'I can no longer turn my back on something that means so much'

HARARE - Although I still have the honour and privilege of writing for the Daily News, it is probably common knowledge by now that I have taken a back seat in the commentary box, and have been keeping a very low profile in general.

 Many people and in particular former colleagues have been displeased bordering on harsh towards me and the decision I made back in July last year.

 I honestly thought that life would go on as normal after cricket.

 After all, you often hear players whose careers are drawing to an end say that life goes on after cricket.

 There is another saying used by Christians that says that God knows what he is doing when people are born with disabilities, and I do believe they may have a valid point.

 I say this because, if I was born sighted, I would probably have invented Wheelchair cricket, such is my love for the game.

 So instead, I have the good fortune of being able to talk and write about the game for as long as my senses allow me to do so, which begs the question my very good friend and co-commentator Neil Manthorp asked me.

 Why on earth would I want to turn my back on something that is so very close to my heart, and something I am so passionate about? And the answer to that would be a very simple one.

 I made a mistake, and I am not afraid to admit that.

 Now, I have left myself the unenviable task of trying to get back where I belong, a challenge that I will overcome.

 But, in my momentarily loss of sanity, we have been treated to some fascinating cricket.

 South Africa have become the undisputed champions of Test cricket, and are clearly working towards the number one spot in One-Day International cricket as well.

 This theory will be put to the test when they desperately try to add a trophy to their collection in the upcoming ICC Champions Trophy which will be played in England later this year.

 They have a formidable batting line-up, led by Hashim Amla, who in my opinion has become the Prince of South African batting.

 His remarkable ability to score runs both sides of the wicket at a brisk rate has earned the respect of players and media around the world, and rightly so.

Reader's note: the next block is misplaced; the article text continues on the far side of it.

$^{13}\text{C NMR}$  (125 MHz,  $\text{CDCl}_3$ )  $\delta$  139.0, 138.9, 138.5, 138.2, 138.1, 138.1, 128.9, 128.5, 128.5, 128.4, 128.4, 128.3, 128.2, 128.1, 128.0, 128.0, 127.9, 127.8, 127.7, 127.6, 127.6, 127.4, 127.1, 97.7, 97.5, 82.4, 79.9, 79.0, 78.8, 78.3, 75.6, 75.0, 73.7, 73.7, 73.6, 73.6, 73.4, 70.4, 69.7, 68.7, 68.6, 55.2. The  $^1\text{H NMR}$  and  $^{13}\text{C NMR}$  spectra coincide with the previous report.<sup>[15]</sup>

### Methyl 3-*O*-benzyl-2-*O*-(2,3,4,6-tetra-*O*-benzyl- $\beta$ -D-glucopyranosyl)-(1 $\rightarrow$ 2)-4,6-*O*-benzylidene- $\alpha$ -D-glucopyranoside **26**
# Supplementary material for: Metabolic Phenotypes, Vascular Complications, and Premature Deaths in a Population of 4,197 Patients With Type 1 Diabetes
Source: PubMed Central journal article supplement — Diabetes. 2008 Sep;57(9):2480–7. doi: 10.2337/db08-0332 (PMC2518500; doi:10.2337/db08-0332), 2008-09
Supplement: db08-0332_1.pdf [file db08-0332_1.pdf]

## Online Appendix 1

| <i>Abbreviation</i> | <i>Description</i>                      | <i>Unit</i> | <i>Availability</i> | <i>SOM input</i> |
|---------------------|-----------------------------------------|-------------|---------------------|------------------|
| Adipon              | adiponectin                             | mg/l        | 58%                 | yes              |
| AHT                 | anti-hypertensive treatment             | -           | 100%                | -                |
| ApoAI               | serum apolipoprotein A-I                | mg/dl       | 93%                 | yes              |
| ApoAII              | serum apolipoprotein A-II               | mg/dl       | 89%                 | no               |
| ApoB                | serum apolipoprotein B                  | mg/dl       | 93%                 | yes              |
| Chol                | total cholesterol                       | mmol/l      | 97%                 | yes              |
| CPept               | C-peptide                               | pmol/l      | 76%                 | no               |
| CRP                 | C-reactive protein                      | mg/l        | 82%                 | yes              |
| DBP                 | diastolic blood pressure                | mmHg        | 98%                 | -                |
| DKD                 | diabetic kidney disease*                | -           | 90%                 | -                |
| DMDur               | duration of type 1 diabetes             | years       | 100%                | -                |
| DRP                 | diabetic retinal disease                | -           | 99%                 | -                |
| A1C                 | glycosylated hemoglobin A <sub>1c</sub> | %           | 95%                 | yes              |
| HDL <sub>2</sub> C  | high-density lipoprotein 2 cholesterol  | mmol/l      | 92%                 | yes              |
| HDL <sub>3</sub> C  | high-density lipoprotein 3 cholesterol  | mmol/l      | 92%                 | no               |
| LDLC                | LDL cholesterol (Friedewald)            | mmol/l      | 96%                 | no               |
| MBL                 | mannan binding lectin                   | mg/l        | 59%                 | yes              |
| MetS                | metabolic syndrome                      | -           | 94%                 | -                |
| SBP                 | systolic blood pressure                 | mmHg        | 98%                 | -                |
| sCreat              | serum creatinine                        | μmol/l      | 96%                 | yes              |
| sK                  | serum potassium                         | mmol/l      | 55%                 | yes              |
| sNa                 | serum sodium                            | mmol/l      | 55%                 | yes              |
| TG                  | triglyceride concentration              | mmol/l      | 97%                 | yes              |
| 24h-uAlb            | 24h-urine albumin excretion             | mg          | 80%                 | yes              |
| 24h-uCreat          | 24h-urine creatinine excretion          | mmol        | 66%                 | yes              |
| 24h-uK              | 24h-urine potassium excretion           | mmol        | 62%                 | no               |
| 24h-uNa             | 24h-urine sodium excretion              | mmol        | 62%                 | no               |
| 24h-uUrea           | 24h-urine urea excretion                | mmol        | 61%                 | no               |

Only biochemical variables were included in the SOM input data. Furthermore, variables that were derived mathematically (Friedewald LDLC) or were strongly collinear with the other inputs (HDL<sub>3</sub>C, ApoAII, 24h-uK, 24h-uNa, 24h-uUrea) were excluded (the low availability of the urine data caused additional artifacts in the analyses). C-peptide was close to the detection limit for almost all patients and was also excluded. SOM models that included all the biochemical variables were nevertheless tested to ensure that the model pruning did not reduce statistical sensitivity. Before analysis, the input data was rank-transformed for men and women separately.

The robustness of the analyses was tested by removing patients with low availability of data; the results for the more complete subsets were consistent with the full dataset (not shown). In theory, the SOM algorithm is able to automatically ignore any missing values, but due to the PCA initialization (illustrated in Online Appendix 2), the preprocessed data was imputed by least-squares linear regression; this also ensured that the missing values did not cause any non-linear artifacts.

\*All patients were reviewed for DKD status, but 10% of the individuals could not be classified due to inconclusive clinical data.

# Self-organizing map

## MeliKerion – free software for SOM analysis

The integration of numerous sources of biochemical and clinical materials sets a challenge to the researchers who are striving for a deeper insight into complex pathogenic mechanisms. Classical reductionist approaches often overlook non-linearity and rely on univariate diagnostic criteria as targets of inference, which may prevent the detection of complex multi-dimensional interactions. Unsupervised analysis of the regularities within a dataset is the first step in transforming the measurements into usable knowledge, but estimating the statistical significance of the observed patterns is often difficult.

AB de Villiers and captaincy is like a breath of fresh air, which matches his free-flowing style of batting.

 Teams from the sub-continent have had their fair share of success as well.

 India have been in rampant form against a depleted Australian team who despite a good leader and outstanding batsman in Michael Clarke, who has made batting look ridiculously easy over the last year.

 No matter where he plays, he seems to have made most venues his playground, and the opposition his invited guests, who he plays with.

 Clarke's predicament is not to dissimilar to that of former Zimbabwean icon Andrew Flower, who churned out century after century, but, more often than not, found himself on the losing end of a Test match, which consequently earned him the nickname of THE LONE RANGER.

 Bangladesh, who will be touring Zimbabwe next month, have had reason to smile as well, after a very good performance against Sri Lanka in the first of two Test matches.

 Granted, the pitch was as unresponsive as and as flat as a highway, but they would have grown in self-belief and confidence thanks to Mohammad Ashraful and captain Mushfiqur Rahim, who posted totals of 190 and 200 respectively.

 The sheer joy on their and the team's faces was a sight to behold as they had the home side under pressure on more than one occasion in the test series.

 The Test series between New Zealand has been hampered by bad weather, which is a crying shame, given the quality of cricket by both teams.

 Zimbabwe will have to pull out all the stops when they take on the West Indies in the second Test which gets underway later today, and as hard as it is to do, they have to put what happened behind them and focus on lasting the full five days.

 This may prove to be a difficult task against a team who looks hungry and determined to get back to the glory team who dominated Test cricket from the mid-1970s to the mid-1980s, as their never ending line of fast bowlers turned the opposition's batsmen's bellies to jelly, while their batsmen ripped any bowling attack to shreds, thanks to their breath taking style of Calypso cricket.

 And, even as I experience the mixed emotions of hope, sadness, frustrations and at times outright anger when watching my beloved Zimbabwe, the feeling that overpowers all the feelings of disappointment, is that I could have been part of something so beautiful, had I not walked away from it.

 I am grateful to those who have been talking to me and reminding me that cricket is in my blood and that cricket is where I belong.

 These statements are as guaranteed as the sunrise we will witness before going about our daily business, and I have come to this simple but very real conclusion.

 I can no longer turn my back on something I love and deny a talent God has blessed me with.

 It would be sacrilege to do so. - Dean du Plessis

*Leading Zimbabwean cricket writer and broadcaster Dean du Plessis, who was born blind, is a Daily News on Sunday columnist and regular contributor to the Daily News. He can be contacted by e-mail: dean.duplessis77@gmail.com, or Skype: dean.du.plessis31.



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